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Edward  Boyle

Eat, Drink and be merry...


@Edward Boyle
You got that right.

Yeah, We Earthlings are surely f.u.c.k.e.d. Mostly I think it may be the next two or three generations after Dave's that are the most fucked, but time will tell. The trend doesn't really need to continue for this to be true. Wondering why we haven't felt the effects of the missing 40% of our oxygen producers? Well that 40% hasn't been missing since 1950, it's been gradually building up to that rate over the last 60 years. Rest assured we'll feel it soon enough. It takes about 30-40 years before the effects of carbon emissions are "felt", there's probably some slop like that in the oxygen depletion rate too. Someday oxygen starvation may be apparent at 6,000 feet instead of 14,000.

Richard Warren

How long until we begin seeing a decrease in oxygen levels in the atmosphere? What level must the oxygen producers have for long term oxygen levels in the atmosphere to remain stable?


Last year an geo-engineering experiment by adding iron into the sea caused a major growth in algae. Probably at that scale dismissable.

I think nature does find a way, every time major upheaval happened, nature has found a way: some died, others thrived. It's a dynamic that kept things going.

It's also here where I worry: with all the human need for control, we are losing the dynamics, we lost our adaptation and every living thing under it's control. Think domesticated dogs, plants, dams, all depending on our interference, our control.

It is backfiring because history proved that being under total control of a freak dictator is asking for a rebellion.
Backfiring because we can't be always that attentive and precise. Backfiring because whatever progress we think we made, we still can't cure a cold...we don't know everything to take care of the things we decided to control.
Humans are now the freak dictator with no respect for boundaries, balance/justice and temperance.

The best we can do for our world is stop to control it, keep it small, simple and close by and become good stewards along the way rather than dominators and dominatrices.

Mike O'Brien

Hi, Dave--

A place to start is by clarifying our thinking. Since we think in English that means using appropriate words to describe what we are trying to communicate. That's especially important in an emotional context where the wrong words can make a bad situation worse. Bad situations, like the phytoplankton drop, demand clear thinking.

When you say "we're fucked" to me that makes me happy because I enjoy nothing better than a good fuck with my partner. It's confusing that you use it as a negative meaning "we're ruined".

Using a word like fucked, a code word for anger, is a displacement that avoids or masks the actual cause of distress, just as anger is a mask for fear. Anger feels righteous and spares us from directly facing our fears. I encourage you to find a more accurate way to express your deep emotions, because then we can take the next step of responding to them.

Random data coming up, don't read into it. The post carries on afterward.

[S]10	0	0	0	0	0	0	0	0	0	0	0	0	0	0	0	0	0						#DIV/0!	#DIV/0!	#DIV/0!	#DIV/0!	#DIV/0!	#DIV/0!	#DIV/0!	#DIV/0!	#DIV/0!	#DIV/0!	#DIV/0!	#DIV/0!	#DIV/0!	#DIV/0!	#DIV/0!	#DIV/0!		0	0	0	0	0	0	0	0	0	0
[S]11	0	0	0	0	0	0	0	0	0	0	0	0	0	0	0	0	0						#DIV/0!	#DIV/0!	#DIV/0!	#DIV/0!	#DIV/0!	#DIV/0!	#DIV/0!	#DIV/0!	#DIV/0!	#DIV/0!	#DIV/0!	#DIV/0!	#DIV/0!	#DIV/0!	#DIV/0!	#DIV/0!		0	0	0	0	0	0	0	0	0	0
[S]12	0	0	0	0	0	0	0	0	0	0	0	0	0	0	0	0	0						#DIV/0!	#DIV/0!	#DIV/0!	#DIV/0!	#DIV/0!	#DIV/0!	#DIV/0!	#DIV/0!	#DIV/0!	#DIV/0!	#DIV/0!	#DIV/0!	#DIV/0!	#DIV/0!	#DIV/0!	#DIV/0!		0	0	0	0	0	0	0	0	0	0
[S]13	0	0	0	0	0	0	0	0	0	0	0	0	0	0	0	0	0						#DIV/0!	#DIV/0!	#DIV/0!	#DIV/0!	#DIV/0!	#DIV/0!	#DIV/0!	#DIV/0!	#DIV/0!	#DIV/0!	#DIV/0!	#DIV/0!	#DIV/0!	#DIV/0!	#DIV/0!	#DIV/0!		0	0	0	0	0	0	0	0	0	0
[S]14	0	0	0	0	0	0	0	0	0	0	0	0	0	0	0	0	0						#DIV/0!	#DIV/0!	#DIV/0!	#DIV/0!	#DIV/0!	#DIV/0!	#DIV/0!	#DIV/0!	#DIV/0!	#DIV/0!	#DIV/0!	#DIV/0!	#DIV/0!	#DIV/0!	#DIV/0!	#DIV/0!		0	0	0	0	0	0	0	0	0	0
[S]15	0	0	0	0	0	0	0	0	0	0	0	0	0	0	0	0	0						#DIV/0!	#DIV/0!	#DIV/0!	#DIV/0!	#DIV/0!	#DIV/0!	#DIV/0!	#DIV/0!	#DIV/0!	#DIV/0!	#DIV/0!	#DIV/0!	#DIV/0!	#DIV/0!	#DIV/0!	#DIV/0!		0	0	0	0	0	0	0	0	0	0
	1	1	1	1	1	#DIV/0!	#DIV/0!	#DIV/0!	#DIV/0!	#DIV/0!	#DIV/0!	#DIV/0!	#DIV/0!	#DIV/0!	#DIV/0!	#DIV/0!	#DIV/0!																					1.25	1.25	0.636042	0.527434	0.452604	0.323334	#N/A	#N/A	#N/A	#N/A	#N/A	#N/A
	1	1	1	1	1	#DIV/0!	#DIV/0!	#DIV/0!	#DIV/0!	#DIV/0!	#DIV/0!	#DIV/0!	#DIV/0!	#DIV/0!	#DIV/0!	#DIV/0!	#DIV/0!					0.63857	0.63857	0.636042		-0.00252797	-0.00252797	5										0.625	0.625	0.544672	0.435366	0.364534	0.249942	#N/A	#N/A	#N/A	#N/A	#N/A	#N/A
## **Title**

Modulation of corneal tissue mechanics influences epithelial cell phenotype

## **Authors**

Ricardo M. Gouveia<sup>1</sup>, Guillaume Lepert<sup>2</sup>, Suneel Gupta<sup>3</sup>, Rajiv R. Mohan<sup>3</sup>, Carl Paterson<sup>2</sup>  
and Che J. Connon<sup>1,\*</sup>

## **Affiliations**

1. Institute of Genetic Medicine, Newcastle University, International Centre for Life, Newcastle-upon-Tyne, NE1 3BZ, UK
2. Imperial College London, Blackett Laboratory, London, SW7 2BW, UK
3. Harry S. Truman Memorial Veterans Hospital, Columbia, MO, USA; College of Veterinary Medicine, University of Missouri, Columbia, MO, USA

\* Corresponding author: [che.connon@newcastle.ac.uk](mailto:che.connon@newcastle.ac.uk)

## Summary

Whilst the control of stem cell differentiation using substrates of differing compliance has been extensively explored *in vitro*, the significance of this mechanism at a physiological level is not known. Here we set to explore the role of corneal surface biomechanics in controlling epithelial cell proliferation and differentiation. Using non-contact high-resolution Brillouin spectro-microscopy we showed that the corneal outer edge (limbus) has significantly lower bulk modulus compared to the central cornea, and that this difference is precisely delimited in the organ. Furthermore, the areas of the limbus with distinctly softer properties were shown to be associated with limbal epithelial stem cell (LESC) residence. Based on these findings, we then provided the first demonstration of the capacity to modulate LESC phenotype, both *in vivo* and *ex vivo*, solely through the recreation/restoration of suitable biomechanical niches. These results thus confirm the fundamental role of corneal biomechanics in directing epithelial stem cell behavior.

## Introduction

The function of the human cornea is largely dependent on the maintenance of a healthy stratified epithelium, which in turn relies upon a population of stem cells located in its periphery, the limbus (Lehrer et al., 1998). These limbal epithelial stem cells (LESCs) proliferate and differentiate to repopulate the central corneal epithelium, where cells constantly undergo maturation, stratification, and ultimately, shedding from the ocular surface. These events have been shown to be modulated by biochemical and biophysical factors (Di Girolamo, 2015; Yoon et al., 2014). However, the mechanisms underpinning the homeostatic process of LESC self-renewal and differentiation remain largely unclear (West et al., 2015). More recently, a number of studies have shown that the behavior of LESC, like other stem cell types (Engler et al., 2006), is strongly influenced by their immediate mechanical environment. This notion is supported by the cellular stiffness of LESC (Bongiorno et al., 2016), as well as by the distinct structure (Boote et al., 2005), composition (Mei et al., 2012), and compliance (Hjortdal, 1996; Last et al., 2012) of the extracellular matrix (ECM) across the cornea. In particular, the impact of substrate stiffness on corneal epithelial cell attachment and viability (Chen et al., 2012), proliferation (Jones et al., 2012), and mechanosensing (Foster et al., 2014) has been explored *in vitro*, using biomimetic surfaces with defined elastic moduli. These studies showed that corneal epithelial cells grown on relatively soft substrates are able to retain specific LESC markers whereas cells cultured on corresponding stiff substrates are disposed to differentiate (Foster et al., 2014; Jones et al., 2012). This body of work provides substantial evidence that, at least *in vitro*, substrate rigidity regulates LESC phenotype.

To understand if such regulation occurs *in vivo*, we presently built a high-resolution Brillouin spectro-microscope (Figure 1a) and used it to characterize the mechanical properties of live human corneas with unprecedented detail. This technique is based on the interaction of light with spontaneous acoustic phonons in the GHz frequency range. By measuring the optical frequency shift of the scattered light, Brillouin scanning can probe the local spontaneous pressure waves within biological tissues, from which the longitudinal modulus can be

Lest you think I'm joking, I believe the collapse of the phytoplankton is directly linked to human denial, expressed in the language of lies, coverup, avoidance and distortion, that allows us to justify our destruction of the planet.


@Edward Boyle
Gah, that being the response to, well, everything is what got us here in the first place.

Adam Schuetzler

I find this to be somewhat unlikely - it seems very strange to me that we could lose 40% of phytoplankton without there being disastrous effects fairly soon in terms of oxygen, sea life, etc. Conditionally, I'm calling this one sketchy and assuming something is not well understood here.

That's not to say I don't think we've hashed it; just to say that I'm not sure we would be alive right now if we'd hashed it that bad.

One thing I am certain of is that the Earth and life will outlast humans. There are a lot of things on this planet much more resilient than us naked apes. That's not much comfort, but I think it must be kept in mind when thinking about ecological disaster. Ultimately, we have to think in terms of our survival being dependent on maintaining an earth much like what has existed for the past 10,000 years. Sadly we're still stuck in the extraction mentality for the most part.


The problem with complex adaptive systems is we don't understand the tipping points. Has there been a 40% drop? Maybe. At what point does it get critical, i.e., are we drawing down a savings pot, what are the critical interactions.
The worrying thing would then be a rapid non-linear change in the system.
Just speculating but maybe the decline is not showing up ecosystems dependent on this food source such as fisheries because their so badly depleted.
Some studies suggest that oceans ability to absorb CO2 is decreasing.

terry mcneely

i heard this report and appropriately alarmed. So i got to wondering if the oxygen content has decreased in the last decades, and it has, but not much, about 1/2 of 1/10th of 1percent, as measured by the Keeling curves, onefor oxygen, the other measures CO2 concentrations. The more immediate effect may be on ocean food systems. But that is just a guess. But we as humans are causing effects on these complex systems we are all part of.

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